FAA Administrator Michael P. Huerta, seen here in July 2012 at EAA AirVenture in Oshkosh, Wis., served for a year as acting administrator before his confirmation Jan. 1.
Among the last-minute flurry of Senate confirmations Jan. 1, the long wait for a permanent leader of the FAA ended with the approval of Administrator Michael P. Huerta, and aviation groups welcomed the news.
Huerta was appointed to a five-year term in March 2012 and faced tough questions during confirmation hearings in June, then further delay pending the outcome of the November election. His confirmation, among dozens approved by the Senate in the waning hours of the 112th Congress, was welcomed by aviation groups. AOPA President Craig Fuller praised Huerta’s Senate confirmation:
“Huerta has a track record of listening to and working with the general aviation community. This is critical for our industry as the FAA navigates through significant changes taking place in airspace, navigation, air traffic control and safety programs. He also brings recognized expertise to highly complex policy issues, which is especially important during this time of fiscal uncertainty. As deputy administrator, Mr. Huerta was an effective leader and we look forward to continuing our work with him on issues critical to general aviation.”
The General Aviation Manufacturers Association was also quick to applaud, releasing a statement by President and CEO Pete Bunce that congratulated Huerta and also praised him as an “effective leader.”
“We look forward to continuing our work with him on such critical issues as improving certification processes and practices globally, advancing NextGen and ensuring compatibility with SESAR (European airspace modernization), and furthering critical investments in general aviation safety and infrastructure,” Bunce said in a news release. “Much progress has been made under Mr. Huerta’s direction and the general aviation industry looks forward to working with him to achieve much more in the future.”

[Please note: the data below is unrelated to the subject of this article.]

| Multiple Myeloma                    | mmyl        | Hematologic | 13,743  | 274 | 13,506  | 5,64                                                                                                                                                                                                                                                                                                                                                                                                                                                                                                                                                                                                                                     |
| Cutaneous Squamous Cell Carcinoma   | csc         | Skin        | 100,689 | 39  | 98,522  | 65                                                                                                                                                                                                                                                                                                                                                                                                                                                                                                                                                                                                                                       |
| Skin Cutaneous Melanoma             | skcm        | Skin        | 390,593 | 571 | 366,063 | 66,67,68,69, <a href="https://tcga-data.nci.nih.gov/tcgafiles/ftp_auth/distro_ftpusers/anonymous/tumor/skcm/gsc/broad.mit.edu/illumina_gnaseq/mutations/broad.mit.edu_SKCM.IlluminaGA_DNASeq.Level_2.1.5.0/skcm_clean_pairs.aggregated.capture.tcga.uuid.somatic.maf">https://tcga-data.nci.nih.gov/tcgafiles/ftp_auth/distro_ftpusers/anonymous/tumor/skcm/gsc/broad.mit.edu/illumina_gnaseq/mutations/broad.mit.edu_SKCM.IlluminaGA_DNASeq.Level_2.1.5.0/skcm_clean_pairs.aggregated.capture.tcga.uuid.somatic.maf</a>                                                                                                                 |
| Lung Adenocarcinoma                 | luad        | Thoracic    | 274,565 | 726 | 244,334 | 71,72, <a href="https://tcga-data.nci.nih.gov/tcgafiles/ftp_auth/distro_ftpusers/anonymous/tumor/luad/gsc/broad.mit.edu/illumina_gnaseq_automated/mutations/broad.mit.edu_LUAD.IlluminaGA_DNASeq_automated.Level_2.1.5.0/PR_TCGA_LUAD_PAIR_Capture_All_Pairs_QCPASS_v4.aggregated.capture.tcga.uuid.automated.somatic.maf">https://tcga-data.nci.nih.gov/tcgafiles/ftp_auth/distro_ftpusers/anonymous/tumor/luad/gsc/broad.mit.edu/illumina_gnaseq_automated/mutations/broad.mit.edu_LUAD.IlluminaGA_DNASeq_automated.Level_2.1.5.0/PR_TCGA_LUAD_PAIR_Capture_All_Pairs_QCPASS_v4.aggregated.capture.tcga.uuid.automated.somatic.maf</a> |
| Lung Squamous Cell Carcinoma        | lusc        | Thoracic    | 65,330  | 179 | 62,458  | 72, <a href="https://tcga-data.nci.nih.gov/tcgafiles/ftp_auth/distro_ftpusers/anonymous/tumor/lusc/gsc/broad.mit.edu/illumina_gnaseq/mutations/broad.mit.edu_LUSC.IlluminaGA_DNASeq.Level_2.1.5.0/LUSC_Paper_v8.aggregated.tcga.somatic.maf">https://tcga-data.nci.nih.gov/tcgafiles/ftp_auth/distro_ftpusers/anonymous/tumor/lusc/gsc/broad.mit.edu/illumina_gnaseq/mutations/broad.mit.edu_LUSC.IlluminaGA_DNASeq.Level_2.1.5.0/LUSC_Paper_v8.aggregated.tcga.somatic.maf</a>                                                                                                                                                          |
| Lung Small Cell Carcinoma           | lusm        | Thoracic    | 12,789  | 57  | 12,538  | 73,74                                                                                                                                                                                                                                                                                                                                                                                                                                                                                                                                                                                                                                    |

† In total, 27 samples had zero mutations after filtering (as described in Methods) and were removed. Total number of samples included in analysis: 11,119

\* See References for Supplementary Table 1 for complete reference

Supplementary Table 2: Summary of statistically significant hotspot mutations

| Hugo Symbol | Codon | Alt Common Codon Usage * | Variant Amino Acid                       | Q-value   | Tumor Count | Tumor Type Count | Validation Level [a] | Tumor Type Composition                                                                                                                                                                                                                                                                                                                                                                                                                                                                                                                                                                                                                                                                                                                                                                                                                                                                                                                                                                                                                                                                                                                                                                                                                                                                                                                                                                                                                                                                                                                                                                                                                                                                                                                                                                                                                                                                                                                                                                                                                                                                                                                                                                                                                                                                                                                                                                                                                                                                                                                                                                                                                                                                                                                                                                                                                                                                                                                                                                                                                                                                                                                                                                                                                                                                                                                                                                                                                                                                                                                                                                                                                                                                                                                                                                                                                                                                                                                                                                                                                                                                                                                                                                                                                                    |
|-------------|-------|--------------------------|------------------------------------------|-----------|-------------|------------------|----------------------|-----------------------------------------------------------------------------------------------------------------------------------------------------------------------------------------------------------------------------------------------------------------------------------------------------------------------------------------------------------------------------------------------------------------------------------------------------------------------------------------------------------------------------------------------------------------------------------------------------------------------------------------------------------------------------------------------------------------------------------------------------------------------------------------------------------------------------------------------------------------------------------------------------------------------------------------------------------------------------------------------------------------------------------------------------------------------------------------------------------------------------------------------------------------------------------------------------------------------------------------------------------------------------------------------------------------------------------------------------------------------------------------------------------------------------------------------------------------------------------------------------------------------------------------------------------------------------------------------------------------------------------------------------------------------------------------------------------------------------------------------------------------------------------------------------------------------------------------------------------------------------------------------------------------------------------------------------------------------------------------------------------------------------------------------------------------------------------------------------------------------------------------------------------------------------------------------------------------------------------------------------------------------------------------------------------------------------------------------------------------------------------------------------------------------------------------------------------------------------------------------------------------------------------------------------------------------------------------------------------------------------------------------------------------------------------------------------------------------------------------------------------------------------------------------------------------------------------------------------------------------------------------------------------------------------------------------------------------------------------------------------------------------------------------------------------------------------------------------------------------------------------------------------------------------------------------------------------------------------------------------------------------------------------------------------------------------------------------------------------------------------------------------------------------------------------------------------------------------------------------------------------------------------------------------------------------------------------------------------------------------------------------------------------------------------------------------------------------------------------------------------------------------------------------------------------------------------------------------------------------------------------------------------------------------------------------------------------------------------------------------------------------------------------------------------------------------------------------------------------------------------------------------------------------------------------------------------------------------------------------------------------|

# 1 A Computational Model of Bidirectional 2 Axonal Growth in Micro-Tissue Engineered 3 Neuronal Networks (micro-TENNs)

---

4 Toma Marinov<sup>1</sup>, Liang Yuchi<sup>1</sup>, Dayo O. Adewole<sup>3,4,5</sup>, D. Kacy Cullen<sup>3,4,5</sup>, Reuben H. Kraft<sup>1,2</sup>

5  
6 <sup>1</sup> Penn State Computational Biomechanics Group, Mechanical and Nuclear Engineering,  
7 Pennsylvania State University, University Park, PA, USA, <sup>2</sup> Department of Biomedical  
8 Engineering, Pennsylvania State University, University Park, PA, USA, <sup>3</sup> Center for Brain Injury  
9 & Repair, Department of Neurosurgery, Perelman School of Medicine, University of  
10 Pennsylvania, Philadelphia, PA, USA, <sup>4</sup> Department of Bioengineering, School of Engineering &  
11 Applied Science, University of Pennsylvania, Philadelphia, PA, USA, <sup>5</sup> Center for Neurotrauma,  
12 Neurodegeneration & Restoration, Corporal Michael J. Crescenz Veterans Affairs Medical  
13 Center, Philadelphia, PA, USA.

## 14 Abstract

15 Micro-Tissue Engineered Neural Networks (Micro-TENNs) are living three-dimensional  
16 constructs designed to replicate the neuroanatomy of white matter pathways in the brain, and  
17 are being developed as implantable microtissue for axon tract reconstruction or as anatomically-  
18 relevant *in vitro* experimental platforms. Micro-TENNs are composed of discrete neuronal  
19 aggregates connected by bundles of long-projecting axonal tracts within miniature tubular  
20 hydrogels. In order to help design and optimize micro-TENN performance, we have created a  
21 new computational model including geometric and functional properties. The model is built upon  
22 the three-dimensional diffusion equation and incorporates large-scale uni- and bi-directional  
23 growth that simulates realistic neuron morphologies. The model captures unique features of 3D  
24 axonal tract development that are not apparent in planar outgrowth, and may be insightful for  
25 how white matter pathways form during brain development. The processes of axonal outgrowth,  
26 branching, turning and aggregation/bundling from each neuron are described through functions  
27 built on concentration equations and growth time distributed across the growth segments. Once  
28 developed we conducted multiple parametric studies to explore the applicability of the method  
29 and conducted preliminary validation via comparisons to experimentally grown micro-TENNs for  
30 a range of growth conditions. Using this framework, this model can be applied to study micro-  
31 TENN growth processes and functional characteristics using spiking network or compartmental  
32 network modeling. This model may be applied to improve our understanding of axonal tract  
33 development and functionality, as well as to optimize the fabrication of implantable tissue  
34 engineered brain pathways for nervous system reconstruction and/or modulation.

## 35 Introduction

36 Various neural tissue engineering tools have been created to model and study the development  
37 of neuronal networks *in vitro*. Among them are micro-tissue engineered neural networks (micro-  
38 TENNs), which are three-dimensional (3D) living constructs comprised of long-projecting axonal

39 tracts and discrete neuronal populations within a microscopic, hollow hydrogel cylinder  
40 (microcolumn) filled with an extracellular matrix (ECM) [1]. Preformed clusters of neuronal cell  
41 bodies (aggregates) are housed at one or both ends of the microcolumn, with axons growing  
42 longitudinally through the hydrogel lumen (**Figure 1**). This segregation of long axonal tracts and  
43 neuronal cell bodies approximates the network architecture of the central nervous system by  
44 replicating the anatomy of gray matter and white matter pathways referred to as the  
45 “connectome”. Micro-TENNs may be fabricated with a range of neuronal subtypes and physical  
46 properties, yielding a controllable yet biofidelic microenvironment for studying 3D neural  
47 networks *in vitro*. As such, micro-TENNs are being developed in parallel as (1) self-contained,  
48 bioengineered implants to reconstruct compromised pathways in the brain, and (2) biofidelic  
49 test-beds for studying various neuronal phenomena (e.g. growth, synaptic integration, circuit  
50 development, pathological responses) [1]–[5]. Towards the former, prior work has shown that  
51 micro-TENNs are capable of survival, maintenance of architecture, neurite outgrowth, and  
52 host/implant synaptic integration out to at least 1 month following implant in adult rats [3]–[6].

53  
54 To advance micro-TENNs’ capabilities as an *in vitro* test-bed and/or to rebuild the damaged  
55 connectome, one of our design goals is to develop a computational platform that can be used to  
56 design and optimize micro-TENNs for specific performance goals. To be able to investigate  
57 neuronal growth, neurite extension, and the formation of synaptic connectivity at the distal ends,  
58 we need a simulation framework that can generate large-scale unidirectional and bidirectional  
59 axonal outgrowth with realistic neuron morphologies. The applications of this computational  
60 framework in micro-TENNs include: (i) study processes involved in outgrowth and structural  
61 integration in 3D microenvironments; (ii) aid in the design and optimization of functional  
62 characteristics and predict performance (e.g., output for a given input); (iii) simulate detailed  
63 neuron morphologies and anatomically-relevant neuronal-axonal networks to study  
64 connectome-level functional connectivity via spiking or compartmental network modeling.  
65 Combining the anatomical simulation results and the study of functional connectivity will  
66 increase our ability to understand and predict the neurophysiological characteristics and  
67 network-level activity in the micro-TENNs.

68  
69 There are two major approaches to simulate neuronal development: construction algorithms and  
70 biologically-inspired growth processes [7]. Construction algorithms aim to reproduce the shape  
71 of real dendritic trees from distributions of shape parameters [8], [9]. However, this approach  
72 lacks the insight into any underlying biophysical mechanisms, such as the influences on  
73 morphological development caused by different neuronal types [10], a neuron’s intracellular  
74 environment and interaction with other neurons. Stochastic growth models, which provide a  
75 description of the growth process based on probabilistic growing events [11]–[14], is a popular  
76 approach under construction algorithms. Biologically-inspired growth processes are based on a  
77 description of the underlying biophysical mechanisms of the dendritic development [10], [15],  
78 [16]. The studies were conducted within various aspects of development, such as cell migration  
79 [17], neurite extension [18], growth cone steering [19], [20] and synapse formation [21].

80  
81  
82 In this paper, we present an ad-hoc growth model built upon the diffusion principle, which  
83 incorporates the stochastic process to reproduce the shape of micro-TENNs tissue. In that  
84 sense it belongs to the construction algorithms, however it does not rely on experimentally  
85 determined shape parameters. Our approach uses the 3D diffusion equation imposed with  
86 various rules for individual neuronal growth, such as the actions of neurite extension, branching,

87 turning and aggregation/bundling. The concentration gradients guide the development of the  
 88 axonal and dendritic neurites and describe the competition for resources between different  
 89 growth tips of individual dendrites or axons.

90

Huerta was confirmed as deputy administrator in 2010 and appointed to lead the FAA in December 2011, following the drunk driving arrest and subsequent resignation of Randy Babbitt— charges that were dismissed in May 2012. Huerta has held senior transportation posts in New York and San Francisco, and also served as managing director of the 2002 Olympic Committee, helping to organize the games in Salt Lake City. After the games, he went to work in the private sector and was a transportation consultant when then President-elect Barack Obama tapped him to join the transition team following the 2008 election.
Huerta has made NextGen, the modernization of the nation’s air traffic system, a top priority, and emphasized expected benefits for general aviation during an appearance at EAA AirVenture in 2012 while side-stepping a question about $100-per-flight user fees that the White House has proposed.